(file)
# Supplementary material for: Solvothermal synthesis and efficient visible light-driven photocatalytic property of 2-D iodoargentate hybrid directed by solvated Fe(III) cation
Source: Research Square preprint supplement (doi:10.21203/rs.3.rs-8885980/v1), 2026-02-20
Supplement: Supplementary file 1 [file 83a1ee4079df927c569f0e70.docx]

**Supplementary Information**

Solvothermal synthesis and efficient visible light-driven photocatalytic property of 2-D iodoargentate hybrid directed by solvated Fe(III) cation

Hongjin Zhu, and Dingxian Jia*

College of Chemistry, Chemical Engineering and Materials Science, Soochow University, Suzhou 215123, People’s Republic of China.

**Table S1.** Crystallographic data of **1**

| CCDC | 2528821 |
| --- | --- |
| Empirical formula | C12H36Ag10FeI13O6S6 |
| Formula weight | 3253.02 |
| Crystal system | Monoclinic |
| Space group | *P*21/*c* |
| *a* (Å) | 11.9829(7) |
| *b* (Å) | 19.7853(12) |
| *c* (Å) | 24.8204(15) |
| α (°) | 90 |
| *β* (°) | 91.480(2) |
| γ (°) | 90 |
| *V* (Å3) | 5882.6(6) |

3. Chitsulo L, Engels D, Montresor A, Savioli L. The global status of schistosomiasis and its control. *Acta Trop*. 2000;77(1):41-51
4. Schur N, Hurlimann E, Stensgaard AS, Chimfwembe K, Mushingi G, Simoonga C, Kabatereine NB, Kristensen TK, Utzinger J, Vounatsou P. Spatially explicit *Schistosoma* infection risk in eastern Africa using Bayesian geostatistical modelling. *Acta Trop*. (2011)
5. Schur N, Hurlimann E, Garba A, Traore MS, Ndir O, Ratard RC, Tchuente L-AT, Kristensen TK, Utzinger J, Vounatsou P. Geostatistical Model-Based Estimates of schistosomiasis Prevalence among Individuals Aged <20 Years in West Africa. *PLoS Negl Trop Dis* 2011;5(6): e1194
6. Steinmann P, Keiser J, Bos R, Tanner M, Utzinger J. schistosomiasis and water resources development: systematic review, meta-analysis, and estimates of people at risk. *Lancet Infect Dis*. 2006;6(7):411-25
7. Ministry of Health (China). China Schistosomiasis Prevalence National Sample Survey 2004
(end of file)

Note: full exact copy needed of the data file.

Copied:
# Supplementary material for: Solvothermal synthesis and efficient visible light-driven photocatalytic property of 2-D iodoargentate hybrid directed by solvated Fe(III) cation
Source: Research Square preprint supplement (doi:10.21203/rs.3.rs-8885980/v1), 2026-02-20
Supplement: Supplementary file 1 [file 83a1ee4079df927c569f0e70.docx]

**Supplementary Information**

Solvothermal synthesis and efficient visible light-driven photocatalytic property of 2-D iodoargentate hybrid directed by solvated Fe(III) cation

Hongjin Zhu, and Dingxian Jia*

College of Chemistry, Chemical Engineering and Materials Science, Soochow University, Suzhou 215123, People’s Republic of China.

**Table S1.** Crystallographic data of **1**

| CCDC | 2528821 |
| --- | --- |
| Empirical formula | C12H36Ag10FeI13O6S6 |
| Formula weight | 3253.02 |
| Crystal system | Monoclinic |
| Space group | *P*21/*c* |
| *a* (Å) | 11.9829(7) |
| *b* (Å) | 19.7853(12) |
| *c* (Å) | 24.8204(15) |
| α (°) | 90 |
| *β* (°) | 91.480(2) |
| γ (°) | 90 |
| *V* (Å3) | 5882.6(6) |

3. Chitsulo L, Engels D, Montresor A, Savioli L. The global status of schistosomiasis and its control. *Acta Trop*. 2000;77(1):41-51
4. Schur N, Hurlimann E, Stensgaard AS, Chimfwembe K, Mushingi G, Simoonga C, Kabatereine NB, Kristensen TK, Utzinger J, Vounatsou P. Spatially explicit *Schistosoma* infection risk in eastern Africa using Bayesian geostatistical modelling. *Acta Trop*. (2011)
5. Schur N, Hurlimann E, Garba A, Traore MS, Ndir O, Ratard RC, Tchuente L-AT, Kristensen TK, Utzinger J, Vounatsou P. Geostatistical Model-Based Estimates of schistosomiasis Prevalence among Individuals Aged <20 Years in West Africa. *PLoS Negl Trop Dis* 2011;5(6): e1194
6. Steinmann P, Keiser J, Bos R, Tanner M, Utzinger J. schistosomiasis and water resources development: systematic review, meta-analysis, and estimates of people at risk. *Lancet Infect Dis*. 2006;6(7):411-25
7. Ministry of Health (China). China Schistosomiasis Prevalence National Sample Survey 2004